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How to Fillet Red Snapper

How to Fillet Red SnapperCatching a red snapper off the vibrant coast of Miami is an achievement in itself, but the true culinary adventure begins when you bring your catch back to shore. Known for its firm texture and mild, nutty flavor, red snapper is a favorite among chefs and seafood enthusiasts alike. Whether you’re planning a sophisticated dinner or a casual cookout, knowing how to filet a red snapper is an essential skill. Here’s your step-by-step guide to mastering the art of filleting this beloved fish.

Step 1: Prepare Your Workstation and Tools

Before you start, ensure you have a clean, flat surface to work on. You’ll need a sharp fillet knife and a pair of kitchen shears. Make sure your knife is well-sharpened to make clean cuts through the fish’s skin and flesh.

Step 2: Make the First Cut

Position the red snapper on its side. Start by making a cut behind the gills and pectoral fin, slicing down to the backbone. This initial incision is crucial for guiding the rest of your filleting process.

Step 3: Slice Along the Backbone

With the tip of your knife, gently begin slicing the fish lengthwise along the backbone. Use long, smooth strokes and keep the blade as close to the bones as possible to maximize the amount of meat you get. It’s important to feel the knife scraping against the bones to ensure you’re not leaving too much flesh behind.

Step 4: Remove the Fillet

Once you’ve sliced all the way down to the tail, you should be able to lift the fillet away from the rib cage and bones. If there are any sections still attached, carefully use your knife to separate them.

Step 5: Skin the Fillet

To skin the fillet, place it skin-side down on your work surface. Starting at the tail end, slide your knife between the flesh and the skin, holding the skin tight with your other hand. Move the knife with a sawing motion towards the head end to remove the skin cleanly.

Step 6: Trim and Clean

Finally, inspect your fillet for any remaining bones or rib sections. Use your knife or kitchen shears to trim away any unwanted parts. Rinse the fillet under cold water to clean it and pat it dry with paper towels.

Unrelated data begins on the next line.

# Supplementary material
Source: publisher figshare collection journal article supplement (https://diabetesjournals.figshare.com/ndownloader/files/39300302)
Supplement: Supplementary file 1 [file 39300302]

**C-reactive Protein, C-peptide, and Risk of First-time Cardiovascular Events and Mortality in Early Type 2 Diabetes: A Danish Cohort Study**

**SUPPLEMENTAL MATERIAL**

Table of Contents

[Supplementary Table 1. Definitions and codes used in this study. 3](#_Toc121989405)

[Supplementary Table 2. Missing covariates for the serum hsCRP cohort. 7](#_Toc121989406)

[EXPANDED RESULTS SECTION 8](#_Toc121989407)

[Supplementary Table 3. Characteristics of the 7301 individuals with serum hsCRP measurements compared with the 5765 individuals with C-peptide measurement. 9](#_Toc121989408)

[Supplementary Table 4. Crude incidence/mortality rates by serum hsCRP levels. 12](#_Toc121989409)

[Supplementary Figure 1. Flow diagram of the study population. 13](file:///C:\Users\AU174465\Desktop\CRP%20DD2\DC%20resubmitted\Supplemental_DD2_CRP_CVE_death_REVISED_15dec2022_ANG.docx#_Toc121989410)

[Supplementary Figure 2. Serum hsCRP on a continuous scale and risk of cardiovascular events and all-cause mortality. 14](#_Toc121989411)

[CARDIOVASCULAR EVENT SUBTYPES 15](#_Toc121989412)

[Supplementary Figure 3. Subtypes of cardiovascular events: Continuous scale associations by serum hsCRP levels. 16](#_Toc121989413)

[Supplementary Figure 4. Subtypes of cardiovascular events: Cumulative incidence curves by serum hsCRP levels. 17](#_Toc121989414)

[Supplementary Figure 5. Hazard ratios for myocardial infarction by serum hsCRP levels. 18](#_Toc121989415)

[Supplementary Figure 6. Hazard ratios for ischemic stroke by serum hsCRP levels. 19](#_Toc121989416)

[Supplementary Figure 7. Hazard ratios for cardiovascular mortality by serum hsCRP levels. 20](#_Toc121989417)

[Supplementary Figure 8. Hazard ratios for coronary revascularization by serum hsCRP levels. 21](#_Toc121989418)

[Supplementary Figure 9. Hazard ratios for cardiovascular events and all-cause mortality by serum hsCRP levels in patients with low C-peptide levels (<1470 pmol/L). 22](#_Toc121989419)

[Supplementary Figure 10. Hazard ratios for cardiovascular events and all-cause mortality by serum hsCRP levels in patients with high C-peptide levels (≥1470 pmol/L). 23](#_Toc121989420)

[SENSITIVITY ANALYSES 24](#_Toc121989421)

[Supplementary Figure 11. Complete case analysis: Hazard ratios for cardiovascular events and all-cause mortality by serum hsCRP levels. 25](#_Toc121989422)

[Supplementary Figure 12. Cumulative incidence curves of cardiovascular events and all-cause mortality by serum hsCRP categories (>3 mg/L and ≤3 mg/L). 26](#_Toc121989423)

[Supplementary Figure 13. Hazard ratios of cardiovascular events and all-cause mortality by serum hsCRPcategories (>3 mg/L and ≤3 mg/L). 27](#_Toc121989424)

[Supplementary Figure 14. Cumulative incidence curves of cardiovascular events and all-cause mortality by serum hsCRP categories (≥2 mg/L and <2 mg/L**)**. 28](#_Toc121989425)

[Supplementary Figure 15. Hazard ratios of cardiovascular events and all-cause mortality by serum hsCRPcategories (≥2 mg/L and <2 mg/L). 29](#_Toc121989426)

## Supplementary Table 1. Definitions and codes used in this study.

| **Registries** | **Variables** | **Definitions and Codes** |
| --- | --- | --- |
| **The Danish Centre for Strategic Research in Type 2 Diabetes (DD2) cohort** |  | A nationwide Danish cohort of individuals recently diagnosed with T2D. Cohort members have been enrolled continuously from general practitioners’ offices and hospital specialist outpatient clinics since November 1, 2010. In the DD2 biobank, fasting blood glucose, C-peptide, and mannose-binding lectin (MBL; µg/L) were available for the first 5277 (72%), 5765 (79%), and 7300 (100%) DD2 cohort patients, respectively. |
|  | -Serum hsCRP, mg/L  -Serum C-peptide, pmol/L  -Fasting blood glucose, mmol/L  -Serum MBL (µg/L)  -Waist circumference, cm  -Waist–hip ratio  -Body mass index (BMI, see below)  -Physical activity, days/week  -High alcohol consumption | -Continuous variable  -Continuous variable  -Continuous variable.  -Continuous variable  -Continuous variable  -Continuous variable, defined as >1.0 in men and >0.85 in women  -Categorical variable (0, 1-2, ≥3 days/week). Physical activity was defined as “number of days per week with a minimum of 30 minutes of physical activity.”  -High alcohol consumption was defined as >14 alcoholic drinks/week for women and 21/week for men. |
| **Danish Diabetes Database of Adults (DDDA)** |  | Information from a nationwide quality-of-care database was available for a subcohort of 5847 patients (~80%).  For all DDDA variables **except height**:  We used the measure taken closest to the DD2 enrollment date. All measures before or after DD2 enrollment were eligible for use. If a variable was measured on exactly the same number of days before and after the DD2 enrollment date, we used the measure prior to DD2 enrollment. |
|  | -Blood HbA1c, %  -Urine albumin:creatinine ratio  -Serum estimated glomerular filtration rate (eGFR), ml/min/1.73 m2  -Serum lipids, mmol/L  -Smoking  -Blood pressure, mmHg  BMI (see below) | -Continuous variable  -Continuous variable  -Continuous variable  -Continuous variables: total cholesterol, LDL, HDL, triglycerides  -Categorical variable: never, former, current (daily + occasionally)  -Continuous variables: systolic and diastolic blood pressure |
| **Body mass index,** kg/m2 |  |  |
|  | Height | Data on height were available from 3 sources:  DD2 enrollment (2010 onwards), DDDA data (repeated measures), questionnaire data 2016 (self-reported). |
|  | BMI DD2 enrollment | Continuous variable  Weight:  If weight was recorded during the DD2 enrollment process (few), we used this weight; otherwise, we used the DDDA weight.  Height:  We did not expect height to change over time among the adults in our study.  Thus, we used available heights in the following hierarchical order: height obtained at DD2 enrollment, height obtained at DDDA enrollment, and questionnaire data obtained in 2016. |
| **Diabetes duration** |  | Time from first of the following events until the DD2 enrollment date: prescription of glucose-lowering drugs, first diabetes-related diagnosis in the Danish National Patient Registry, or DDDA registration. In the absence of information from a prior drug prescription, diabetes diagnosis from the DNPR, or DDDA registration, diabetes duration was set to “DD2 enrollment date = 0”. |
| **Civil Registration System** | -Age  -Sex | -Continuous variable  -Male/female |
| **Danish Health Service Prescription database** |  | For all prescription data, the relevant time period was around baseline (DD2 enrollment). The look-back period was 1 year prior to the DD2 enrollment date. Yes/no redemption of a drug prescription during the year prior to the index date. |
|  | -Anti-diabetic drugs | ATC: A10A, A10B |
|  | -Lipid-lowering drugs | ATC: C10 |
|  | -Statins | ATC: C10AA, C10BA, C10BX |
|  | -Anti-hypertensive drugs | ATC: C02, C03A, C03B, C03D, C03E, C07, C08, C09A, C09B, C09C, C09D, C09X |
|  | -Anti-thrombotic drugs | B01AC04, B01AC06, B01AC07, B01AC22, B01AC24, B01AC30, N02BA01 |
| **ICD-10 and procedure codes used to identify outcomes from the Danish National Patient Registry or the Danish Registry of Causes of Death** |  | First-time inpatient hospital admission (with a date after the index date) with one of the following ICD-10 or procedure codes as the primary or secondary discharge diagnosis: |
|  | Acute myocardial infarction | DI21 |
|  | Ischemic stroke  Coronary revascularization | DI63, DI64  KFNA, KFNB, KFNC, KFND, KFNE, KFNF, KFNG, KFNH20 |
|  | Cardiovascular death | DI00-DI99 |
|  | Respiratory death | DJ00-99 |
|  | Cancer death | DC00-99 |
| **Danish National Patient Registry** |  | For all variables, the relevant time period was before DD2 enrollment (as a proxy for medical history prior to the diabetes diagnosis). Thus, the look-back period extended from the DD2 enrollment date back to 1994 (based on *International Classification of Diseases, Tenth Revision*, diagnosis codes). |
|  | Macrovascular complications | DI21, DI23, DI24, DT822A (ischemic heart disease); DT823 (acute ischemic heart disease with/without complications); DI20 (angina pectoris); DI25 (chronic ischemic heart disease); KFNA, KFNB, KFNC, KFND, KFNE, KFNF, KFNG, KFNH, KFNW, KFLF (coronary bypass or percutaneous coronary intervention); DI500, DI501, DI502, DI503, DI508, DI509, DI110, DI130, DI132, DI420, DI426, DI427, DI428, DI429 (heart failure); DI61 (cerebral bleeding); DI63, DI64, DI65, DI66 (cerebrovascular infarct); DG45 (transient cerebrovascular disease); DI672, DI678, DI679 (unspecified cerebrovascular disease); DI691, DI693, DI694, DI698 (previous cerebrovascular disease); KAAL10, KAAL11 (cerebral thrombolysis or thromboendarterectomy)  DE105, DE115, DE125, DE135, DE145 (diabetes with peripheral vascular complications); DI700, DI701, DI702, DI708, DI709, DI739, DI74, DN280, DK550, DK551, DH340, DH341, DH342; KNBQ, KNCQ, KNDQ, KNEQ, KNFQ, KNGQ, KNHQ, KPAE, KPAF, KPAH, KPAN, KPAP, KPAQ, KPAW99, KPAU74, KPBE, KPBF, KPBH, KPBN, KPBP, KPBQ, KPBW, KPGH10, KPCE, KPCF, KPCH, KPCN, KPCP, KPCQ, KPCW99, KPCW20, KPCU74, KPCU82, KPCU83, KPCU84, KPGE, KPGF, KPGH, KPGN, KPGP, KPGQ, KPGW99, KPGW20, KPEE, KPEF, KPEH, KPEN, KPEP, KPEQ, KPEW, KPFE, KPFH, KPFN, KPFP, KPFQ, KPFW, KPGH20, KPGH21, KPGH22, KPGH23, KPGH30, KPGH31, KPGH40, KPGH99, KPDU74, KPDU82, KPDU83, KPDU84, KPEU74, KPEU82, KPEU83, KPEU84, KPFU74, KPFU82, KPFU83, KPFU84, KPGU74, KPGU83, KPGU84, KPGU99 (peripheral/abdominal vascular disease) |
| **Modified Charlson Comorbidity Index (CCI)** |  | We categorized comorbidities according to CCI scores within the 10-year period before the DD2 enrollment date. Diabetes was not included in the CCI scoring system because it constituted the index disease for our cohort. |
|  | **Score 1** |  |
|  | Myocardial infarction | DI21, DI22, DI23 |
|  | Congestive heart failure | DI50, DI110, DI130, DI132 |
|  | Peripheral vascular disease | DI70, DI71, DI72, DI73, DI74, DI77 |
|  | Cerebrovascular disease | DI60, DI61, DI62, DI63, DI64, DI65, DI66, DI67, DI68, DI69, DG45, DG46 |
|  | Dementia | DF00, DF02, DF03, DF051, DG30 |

Tips for Perfection

Keep your knife at a slight angle while cutting to ensure a smoother fillet.
Practice makes perfect. Don’t be discouraged if your first few attempts aren’t flawless. Each red snapper you fillet will help improve your technique.

Ready for the Water?

Now that you know how to filet a red snapper, the only thing left is to catch one! Whether you’re an experienced angler or new to the sport, Fish Jumanji offers expert-guided fishing charters in Miami that cater to all levels of experience. Our knowledgeable crew will not only help you land the perfect red snapper but will also share insider tips and techniques for successful fishing. With Fish Jumanji, you’re guaranteed a memorable day on the water filled with adventure and hopefully, a bountiful catch to bring home and fillet.

Don’t miss out on the excitement of fishing in one of the best spots in the world. Book a charter with Fish Jumanji today to book your next fishing adventure and get ready to put your new filleting skills to the test!

How to Filet Red Snapper
Before filleting the fish, you will want to scale it. Next, rinse the snapper under running water and pat it dry. Put it down on your cutting board with its back facing you.
First, insert a knife just above the backbone near the head. Use only a sharp knife, such as a fillet knife or chef’s knife.
Make a cut from the head to the belly, taking care only to cut through the top fillet and slightly behind the gill cover. Be sure to include the meaty section at the top of it’s head.
For your second cut, turn your knife about 90 degrees and take just as much care as you move the knife along the length of the red snapper. Your goal with this cut is to separate the fillet from the backbone. As you cut, press firmly down on the fish to keep it from sliding around.
Finish removing your fillet with a third cut. You will want to cut down through the skin at the tail.
Next, repeat those three cuts on the other side of the red snapper. Once you have done this part, remove the belly flap by cutting just under the rib bones to the fillet’s bottom, at a 45-degree angle. The belly is thin on a red snapper in comparison to tuna, for example.
Lastly, check for pin bones. These fine bones run along the fillet’s mid-line and are difficult to see. With your fingers, feel along the fillet to locate each bone and pluck them out with a pair of fish pliers or needle-nose pliers. Clean the pliers before using them. Pull each bone in the direction in which it points.
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